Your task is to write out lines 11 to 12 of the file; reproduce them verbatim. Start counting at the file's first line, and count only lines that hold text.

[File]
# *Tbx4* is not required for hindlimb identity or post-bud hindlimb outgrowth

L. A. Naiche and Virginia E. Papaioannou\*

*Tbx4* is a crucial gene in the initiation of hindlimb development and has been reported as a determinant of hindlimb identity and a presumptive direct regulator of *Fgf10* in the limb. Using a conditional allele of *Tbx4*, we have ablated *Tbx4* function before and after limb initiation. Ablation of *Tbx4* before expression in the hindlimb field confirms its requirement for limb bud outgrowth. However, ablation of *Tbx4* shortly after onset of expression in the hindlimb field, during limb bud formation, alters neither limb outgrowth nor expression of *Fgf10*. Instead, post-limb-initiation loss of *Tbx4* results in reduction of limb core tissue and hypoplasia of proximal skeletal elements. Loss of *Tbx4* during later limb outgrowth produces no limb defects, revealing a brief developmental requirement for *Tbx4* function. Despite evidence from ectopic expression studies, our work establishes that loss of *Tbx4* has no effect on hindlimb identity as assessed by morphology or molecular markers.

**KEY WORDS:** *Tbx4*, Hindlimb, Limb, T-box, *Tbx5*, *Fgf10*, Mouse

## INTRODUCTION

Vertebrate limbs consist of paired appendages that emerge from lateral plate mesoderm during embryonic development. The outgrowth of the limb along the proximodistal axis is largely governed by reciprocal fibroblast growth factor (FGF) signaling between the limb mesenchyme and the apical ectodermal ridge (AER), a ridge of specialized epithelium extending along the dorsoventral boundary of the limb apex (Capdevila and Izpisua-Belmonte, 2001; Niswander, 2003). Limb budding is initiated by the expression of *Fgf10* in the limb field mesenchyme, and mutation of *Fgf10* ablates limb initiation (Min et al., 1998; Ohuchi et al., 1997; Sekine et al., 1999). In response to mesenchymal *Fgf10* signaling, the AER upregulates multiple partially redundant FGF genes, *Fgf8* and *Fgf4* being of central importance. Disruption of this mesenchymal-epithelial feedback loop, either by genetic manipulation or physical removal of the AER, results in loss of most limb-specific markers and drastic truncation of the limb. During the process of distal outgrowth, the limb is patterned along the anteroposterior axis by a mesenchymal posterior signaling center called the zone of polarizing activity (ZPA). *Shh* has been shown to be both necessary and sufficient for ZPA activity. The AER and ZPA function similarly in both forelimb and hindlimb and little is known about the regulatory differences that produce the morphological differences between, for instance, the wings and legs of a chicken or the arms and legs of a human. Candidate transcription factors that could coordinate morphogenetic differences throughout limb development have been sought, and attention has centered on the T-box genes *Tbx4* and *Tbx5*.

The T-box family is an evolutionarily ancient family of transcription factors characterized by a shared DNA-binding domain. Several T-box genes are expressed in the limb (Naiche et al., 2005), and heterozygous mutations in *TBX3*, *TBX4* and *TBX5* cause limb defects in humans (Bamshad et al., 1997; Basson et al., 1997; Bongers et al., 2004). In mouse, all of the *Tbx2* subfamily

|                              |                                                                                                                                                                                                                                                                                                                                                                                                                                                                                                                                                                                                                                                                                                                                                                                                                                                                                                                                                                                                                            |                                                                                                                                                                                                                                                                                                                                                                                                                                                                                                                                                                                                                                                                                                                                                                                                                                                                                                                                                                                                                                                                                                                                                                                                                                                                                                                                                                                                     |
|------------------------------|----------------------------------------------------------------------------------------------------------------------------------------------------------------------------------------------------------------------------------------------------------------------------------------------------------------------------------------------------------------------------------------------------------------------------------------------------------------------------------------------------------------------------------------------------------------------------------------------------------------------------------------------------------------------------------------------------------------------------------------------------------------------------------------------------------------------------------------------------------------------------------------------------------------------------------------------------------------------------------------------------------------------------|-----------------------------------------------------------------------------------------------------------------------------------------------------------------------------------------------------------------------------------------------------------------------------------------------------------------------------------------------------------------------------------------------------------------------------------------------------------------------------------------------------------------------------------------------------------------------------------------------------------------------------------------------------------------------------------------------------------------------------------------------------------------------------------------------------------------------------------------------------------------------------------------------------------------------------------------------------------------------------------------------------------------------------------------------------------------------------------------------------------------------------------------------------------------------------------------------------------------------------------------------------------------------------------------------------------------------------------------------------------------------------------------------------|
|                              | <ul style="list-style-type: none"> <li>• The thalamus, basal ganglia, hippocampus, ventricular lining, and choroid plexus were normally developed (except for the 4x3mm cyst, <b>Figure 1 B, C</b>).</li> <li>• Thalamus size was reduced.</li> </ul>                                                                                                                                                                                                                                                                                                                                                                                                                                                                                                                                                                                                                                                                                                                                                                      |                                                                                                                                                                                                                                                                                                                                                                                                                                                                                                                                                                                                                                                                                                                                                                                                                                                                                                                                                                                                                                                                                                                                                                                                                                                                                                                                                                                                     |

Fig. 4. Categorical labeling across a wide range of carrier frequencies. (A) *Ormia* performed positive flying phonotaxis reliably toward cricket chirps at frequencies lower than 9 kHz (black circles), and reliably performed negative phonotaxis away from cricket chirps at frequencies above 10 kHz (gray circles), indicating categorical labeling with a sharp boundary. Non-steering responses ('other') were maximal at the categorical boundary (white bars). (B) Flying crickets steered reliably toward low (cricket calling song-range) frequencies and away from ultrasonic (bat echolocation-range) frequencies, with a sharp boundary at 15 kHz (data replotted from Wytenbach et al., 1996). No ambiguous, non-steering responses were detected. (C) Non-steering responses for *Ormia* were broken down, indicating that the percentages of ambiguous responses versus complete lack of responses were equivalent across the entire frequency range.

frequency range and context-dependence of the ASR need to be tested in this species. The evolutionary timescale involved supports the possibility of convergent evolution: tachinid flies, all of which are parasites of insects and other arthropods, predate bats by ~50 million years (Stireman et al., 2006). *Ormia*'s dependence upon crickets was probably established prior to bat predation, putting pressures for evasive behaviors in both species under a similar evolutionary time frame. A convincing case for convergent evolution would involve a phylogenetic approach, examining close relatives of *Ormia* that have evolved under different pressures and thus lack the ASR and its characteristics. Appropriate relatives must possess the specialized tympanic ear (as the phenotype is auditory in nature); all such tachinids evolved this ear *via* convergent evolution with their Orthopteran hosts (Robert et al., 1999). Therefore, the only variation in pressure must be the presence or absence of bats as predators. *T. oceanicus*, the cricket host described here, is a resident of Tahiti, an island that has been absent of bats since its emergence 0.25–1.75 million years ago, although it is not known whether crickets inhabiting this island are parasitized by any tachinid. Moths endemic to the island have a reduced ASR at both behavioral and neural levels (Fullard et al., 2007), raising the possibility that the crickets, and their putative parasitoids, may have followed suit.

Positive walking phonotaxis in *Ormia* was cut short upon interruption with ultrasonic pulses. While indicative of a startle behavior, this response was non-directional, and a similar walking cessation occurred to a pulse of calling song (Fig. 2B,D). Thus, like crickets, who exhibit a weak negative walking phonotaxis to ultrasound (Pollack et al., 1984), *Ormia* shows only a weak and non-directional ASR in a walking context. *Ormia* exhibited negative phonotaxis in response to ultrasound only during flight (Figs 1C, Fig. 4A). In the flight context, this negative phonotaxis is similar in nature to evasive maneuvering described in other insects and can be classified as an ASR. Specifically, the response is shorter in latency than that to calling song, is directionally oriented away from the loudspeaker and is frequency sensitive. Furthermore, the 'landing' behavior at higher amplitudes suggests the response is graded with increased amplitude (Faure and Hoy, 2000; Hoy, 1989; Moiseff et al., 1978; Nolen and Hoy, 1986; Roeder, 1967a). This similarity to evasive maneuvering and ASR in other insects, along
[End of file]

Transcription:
Fig. 4. Categorical labeling across a wide range of carrier frequencies. (A) *Ormia* performed positive flying phonotaxis reliably toward cricket chirps at frequencies lower than 9 kHz (black circles), and reliably performed negative phonotaxis away from cricket chirps at frequencies above 10 kHz (gray circles), indicating categorical labeling with a sharp boundary. Non-steering responses ('other') were maximal at the categorical boundary (white bars). (B) Flying crickets steered reliably toward low (cricket calling song-range) frequencies and away from ultrasonic (bat echolocation-range) frequencies, with a sharp boundary at 15 kHz (data replotted from Wytenbach et al., 1996). No ambiguous, non-steering responses were detected. (C) Non-steering responses for *Ormia* were broken down, indicating that the percentages of ambiguous responses versus complete lack of responses were equivalent across the entire frequency range.

frequency range and context-dependence of the ASR need to be tested in this species. The evolutionary timescale involved supports the possibility of convergent evolution: tachinid flies, all of which are parasites of insects and other arthropods, predate bats by ~50 million years (Stireman et al., 2006). *Ormia*'s dependence upon crickets was probably established prior to bat predation, putting pressures for evasive behaviors in both species under a similar evolutionary time frame. A convincing case for convergent evolution would involve a phylogenetic approach, examining close relatives of *Ormia* that have evolved under different pressures and thus lack the ASR and its characteristics. Appropriate relatives must possess the specialized tympanic ear (as the phenotype is auditory in nature); all such tachinids evolved this ear *via* convergent evolution with their Orthopteran hosts (Robert et al., 1999). Therefore, the only variation in pressure must be the presence or absence of bats as predators. *T. oceanicus*, the cricket host described here, is a resident of Tahiti, an island that has been absent of bats since its emergence 0.25–1.75 million years ago, although it is not known whether crickets inhabiting this island are parasitized by any tachinid. Moths endemic to the island have a reduced ASR at both behavioral and neural levels (Fullard et al., 2007), raising the possibility that the crickets, and their putative parasitoids, may have followed suit.